He was the only dark-eyed, completely white registered Quarter Horse that K.C. Peterson had ever seen, and the Nebraska rancher had to have him.
He bought him about nine years ago and broke him to ride. He didn’t spook easy, or much at all. Just about anyone can look good on Leroy.
“If you can’t ride Leroy, go ride one in front of Kmart,” Peterson said.
The horse's look, his size (about 16 hands) and his demeanor made Peterson all the more confident when he rode his prized animal over, leaned into his ear and frequently told it, “Someday, Leroy, I’m gonna get you in the movies.”
Peterson had a particular movie in mind -- “The Lone Ranger” -- and a particular role: Silver. And he has about 35 years of experience providing livestock to Hollywood productions.
His horses rode in “Cowboys and Aliens.” He provided a pair of steers, Willie and Waylon, for “Far and Away,” “Maverick” and a few Marlboro ads.
Peterson doubled as Robert Redford on “The Horse Whisperer” and was featured in a 1973 Robert Duvall-directed documentary about his trick-riding family, “We’re Not the Jet Set.” His brother and sister both work in the film industry, and combined you can connect a Peterson to a western movie about as easily as you can link Susan Sarandon to Kevin Bacon.
When told that Matt Damon showed up in Lincoln Wednesday, Peterson thought back to a shoot in 1992, when he wrangled horses and provided livestock for “Geronimo: An American Legend,” one of Damon’s early roles.
“Arm wrestled him in a bar,” Peterson said on a crackly phone call from the Otter Creek Ranch, just north of Lake McConaughy. “Right-handed. He beat me, too. I said, ‘You wanna go left?’”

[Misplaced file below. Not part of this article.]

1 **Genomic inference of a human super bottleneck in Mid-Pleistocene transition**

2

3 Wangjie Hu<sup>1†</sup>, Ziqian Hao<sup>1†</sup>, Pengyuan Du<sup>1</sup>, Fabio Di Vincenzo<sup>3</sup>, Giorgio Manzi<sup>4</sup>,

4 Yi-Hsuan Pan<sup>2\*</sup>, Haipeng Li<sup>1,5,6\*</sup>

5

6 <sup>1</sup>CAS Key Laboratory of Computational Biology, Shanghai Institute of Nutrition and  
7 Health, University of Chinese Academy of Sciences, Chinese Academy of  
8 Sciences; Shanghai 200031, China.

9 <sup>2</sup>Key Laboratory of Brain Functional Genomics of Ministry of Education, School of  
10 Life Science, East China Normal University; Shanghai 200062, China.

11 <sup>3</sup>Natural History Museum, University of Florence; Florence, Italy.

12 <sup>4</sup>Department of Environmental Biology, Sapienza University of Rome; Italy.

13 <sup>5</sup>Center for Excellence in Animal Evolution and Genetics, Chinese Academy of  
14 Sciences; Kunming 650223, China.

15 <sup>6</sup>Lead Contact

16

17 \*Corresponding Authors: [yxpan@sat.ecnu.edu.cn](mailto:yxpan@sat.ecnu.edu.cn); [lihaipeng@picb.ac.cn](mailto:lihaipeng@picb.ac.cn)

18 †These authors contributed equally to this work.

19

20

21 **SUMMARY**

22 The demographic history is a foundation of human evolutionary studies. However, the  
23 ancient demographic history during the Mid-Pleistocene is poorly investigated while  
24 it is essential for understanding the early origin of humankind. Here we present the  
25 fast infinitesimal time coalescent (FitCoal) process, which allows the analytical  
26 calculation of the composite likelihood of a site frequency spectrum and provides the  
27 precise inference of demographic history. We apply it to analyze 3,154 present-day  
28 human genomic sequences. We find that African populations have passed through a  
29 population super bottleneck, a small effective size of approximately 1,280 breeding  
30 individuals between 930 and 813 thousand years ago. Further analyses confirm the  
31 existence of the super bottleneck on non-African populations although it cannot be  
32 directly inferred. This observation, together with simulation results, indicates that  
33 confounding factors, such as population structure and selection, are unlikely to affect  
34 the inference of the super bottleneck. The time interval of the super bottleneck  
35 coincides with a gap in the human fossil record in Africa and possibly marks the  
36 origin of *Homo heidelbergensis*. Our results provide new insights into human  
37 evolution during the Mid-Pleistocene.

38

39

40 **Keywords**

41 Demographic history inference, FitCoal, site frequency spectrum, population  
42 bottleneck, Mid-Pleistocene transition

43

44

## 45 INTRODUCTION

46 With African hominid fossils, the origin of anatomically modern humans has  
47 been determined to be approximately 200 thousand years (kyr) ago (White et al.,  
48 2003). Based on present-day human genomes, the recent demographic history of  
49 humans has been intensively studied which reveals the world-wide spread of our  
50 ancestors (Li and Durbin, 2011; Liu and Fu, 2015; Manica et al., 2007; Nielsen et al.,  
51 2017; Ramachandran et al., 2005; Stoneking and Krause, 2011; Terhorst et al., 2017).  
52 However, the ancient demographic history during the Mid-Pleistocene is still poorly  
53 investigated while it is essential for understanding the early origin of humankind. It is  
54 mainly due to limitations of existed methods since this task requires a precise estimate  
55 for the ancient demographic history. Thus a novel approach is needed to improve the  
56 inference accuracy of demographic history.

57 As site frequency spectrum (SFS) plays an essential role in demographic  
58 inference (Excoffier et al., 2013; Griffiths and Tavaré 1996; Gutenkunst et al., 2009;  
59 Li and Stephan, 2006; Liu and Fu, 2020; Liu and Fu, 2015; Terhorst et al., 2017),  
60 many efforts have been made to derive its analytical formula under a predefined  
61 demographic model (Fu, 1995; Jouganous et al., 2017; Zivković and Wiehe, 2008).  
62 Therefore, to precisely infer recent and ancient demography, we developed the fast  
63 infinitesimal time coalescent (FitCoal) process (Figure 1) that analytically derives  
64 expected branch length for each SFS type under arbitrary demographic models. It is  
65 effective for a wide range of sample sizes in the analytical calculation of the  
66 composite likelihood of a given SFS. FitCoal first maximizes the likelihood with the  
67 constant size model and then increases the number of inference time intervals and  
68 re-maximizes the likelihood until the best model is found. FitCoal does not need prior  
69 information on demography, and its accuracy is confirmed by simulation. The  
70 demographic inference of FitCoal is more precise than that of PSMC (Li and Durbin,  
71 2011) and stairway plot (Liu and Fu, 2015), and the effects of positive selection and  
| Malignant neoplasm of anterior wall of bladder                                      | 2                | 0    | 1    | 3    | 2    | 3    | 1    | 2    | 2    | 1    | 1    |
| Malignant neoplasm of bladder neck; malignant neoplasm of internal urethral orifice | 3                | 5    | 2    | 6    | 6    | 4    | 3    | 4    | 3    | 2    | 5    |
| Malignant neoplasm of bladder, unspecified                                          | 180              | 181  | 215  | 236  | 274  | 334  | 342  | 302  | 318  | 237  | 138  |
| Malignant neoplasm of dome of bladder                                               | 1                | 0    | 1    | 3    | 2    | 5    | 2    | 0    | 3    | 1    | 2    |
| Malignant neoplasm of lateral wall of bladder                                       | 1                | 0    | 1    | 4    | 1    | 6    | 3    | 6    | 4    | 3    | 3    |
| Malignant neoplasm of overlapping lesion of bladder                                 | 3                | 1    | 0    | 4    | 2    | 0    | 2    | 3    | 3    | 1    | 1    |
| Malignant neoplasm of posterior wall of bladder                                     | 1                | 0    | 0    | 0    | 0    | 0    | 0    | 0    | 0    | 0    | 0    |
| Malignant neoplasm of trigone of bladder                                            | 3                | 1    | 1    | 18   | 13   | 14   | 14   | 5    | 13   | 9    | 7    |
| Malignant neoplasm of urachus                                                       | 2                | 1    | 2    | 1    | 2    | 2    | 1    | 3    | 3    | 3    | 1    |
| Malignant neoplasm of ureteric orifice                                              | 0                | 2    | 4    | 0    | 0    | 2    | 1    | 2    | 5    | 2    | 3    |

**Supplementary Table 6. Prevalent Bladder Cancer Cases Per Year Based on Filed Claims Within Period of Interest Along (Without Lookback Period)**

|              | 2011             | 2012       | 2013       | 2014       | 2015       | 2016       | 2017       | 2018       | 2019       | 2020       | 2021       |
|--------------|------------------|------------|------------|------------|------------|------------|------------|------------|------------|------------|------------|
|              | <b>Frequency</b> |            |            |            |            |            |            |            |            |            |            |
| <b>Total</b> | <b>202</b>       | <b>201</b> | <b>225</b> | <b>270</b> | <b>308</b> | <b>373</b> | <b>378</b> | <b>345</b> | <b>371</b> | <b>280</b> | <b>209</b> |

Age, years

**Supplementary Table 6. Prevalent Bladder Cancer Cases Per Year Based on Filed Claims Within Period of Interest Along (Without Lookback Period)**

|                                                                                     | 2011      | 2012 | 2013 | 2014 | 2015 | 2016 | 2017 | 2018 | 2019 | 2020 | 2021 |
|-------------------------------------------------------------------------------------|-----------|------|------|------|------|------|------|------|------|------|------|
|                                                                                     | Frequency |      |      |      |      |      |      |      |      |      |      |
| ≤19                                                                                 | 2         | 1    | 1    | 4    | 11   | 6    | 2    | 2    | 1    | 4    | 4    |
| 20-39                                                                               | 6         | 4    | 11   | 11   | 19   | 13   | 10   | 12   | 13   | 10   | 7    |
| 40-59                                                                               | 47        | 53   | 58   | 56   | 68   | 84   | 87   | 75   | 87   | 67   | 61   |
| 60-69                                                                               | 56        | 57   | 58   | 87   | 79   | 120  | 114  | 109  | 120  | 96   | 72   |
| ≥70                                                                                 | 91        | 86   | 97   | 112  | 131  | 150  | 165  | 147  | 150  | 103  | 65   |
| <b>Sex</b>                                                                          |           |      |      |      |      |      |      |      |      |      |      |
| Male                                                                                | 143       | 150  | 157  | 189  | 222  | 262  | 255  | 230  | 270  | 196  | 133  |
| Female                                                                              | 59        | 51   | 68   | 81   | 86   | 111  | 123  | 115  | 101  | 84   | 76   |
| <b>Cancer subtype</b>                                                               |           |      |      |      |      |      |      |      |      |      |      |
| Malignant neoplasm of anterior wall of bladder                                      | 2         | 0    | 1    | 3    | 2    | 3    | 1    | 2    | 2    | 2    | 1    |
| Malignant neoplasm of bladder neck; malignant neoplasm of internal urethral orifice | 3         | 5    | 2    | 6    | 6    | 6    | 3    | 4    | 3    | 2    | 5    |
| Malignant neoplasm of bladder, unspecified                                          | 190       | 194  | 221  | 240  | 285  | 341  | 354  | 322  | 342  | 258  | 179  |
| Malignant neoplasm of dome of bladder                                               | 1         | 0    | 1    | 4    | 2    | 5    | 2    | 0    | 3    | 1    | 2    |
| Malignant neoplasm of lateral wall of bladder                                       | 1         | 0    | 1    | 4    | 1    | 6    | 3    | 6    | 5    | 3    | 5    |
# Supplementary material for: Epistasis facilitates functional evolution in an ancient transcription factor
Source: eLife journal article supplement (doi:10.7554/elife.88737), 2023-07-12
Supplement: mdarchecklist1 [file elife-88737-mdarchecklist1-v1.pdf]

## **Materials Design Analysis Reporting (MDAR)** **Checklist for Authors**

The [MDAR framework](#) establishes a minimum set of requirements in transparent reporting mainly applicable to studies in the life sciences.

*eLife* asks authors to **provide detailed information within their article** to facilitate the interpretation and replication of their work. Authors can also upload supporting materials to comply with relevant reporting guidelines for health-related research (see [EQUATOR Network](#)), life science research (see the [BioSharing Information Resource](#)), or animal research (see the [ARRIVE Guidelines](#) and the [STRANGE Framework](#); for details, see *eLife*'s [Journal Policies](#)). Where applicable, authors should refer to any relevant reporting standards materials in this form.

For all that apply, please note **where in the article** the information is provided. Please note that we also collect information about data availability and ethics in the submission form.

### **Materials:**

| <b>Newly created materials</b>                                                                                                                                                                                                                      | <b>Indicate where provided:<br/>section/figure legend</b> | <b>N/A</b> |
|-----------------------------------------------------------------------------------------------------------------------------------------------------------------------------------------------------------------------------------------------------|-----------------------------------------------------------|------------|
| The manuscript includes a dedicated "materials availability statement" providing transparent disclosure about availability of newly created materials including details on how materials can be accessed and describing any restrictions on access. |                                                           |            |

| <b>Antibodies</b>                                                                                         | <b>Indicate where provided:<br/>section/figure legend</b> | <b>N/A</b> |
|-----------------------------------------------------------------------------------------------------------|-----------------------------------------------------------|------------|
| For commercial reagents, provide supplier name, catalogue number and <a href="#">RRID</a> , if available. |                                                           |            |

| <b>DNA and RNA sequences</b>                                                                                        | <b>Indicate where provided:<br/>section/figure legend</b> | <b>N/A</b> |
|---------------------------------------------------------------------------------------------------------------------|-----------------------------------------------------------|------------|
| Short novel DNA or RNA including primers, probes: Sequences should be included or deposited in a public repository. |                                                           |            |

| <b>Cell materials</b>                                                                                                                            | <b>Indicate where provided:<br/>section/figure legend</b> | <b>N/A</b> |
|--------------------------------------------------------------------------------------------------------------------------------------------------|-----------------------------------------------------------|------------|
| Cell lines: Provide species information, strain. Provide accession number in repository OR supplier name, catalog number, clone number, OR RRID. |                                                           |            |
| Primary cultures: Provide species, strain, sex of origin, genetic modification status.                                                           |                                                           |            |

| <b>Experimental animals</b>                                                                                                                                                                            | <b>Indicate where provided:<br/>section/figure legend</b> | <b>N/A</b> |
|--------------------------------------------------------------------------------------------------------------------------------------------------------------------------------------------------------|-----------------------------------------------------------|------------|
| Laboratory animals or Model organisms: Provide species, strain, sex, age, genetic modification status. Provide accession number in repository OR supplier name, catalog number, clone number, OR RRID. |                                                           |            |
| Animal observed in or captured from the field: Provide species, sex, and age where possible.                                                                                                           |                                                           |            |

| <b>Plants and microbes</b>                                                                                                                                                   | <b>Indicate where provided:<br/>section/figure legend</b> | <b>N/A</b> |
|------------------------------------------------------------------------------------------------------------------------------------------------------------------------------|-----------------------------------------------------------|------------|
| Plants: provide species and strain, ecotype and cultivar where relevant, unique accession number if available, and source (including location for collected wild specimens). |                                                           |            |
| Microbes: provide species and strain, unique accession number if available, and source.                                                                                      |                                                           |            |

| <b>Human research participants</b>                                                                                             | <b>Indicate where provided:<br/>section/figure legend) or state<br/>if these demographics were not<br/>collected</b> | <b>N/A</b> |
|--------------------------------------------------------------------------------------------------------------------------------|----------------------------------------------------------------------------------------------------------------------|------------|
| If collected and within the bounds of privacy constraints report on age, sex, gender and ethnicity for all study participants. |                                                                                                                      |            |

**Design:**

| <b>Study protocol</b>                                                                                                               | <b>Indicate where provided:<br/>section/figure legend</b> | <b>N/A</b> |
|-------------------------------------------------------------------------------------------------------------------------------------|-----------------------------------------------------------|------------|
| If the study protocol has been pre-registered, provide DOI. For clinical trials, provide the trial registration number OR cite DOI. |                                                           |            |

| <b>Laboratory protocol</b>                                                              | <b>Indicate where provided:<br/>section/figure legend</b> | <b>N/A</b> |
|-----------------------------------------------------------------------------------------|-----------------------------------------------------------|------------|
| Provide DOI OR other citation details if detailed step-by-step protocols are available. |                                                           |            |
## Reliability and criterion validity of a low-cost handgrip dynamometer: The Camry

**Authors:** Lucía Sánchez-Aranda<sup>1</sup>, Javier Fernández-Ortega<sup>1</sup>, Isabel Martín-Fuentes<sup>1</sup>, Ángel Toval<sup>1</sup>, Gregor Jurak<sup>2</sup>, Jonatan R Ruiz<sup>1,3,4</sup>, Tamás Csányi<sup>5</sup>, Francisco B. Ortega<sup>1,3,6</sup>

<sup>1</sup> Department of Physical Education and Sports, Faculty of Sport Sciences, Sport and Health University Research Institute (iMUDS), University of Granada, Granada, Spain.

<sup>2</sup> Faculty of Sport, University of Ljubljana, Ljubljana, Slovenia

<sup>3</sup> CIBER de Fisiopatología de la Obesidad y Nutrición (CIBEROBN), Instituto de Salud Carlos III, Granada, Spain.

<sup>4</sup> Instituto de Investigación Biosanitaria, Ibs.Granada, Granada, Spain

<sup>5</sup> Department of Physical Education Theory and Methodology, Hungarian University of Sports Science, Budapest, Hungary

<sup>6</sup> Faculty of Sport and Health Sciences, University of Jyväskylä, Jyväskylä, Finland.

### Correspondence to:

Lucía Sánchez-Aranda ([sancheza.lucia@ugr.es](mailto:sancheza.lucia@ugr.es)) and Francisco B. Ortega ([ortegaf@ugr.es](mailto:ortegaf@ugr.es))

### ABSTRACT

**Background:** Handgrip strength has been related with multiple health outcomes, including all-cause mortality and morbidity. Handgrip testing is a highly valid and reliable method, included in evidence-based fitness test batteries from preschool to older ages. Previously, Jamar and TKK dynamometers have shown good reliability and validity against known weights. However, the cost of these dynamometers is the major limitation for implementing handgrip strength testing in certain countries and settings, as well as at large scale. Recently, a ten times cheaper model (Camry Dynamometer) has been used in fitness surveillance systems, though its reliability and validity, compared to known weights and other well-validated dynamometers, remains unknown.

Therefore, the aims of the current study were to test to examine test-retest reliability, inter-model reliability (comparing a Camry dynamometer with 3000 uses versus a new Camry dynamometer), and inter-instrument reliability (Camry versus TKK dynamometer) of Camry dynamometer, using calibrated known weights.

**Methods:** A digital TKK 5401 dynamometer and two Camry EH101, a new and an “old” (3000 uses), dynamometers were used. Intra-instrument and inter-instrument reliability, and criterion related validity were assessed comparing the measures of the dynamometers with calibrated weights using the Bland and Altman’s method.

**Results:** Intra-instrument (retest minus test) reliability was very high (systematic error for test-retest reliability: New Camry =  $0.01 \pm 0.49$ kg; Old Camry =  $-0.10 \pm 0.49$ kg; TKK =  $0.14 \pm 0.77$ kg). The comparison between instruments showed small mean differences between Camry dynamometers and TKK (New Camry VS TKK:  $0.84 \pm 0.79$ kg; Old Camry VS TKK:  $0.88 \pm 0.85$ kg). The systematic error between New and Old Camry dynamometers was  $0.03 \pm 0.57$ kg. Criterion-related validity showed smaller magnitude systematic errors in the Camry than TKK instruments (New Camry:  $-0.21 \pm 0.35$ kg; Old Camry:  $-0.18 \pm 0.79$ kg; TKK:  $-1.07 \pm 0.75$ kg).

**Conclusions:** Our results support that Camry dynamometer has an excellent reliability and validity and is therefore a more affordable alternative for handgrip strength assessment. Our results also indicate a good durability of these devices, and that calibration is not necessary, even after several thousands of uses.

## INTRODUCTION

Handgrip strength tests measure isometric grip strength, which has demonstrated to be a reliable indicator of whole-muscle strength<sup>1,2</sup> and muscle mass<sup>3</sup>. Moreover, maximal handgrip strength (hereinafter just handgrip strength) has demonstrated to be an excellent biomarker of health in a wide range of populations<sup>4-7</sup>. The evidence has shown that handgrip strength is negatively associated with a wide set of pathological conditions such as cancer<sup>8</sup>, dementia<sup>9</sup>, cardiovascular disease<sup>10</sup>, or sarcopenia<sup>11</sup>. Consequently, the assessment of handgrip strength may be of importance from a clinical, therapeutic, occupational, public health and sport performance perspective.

He recalled that Damon took horseback training seriously while filming in Utah.
“Learned how to ride real good," he said.
Peterson had a similar glowing review of Armie Hammer, who played the Lone Ranger, and rode Leroy for a good portion of the shoot.
For years, Peterson had a hunch that Hollywood would one day remake the radio and TV serials, so he sought out a horse that looked like Silver in the event that a “Lone Ranger” movie would ever come down the pipeline.
It did, and Peterson contacted Bobby Lovgren, the head horse trainer for “The Lone Ranger,” whom Peterson knew from previous shoots, and told him about Leroy.
“I sent him pictures,” Peterson said. “He said, ‘When can you have him here?’”
In early 2012, he brought Leroy, along with teams of mules, teams of horses and wagons from the western Nebraska ranch to the shoot. Much of the filming took place near Albuquerque, N.M., where the film crew laid down about seven miles of railroad track, brought two steam engines and built a Wild West environ.
There, Peterson said, Leroy served as the horse often used when actors were shot riding Silver. Leroy, Peterson said, is what they call the main cast horse on set.
Another white horse, whose actual name is Silver, has been getting plenty of pub for the stunts and mugging it did that are featured throughout the movie. And there was a stable full of Silvers on set. But Leroy was the only one that would run close to the trains, Peterson said. If you watch the movie, you'll notice the difference between him and the others. He's the biggest, jowliest one.
Early in the shoot, Peterson watched as Hammer and Johnny Depp, who plays Tonto, filmed a scene in which they dashed across a stretch of desert on horseback. Peterson said Depp “tilted over like a little kid,” and then fell off his horse, which could have torpedoed the movie, and seriously injured or killed Depp. He escaped with just bruises.
“They got very lucky,” Peterson said.
The reviews and receipts of “The Lone Ranger” have been less fortunate. Peterson hasn’t seen the movie yet, but doesn't take it personally when one that he worked on fails to set the box office on fire. He hoped there would be a sequel, but Peterson said he's got plenty of work to do on the 18,000 acres he manages until Hollywood calls again.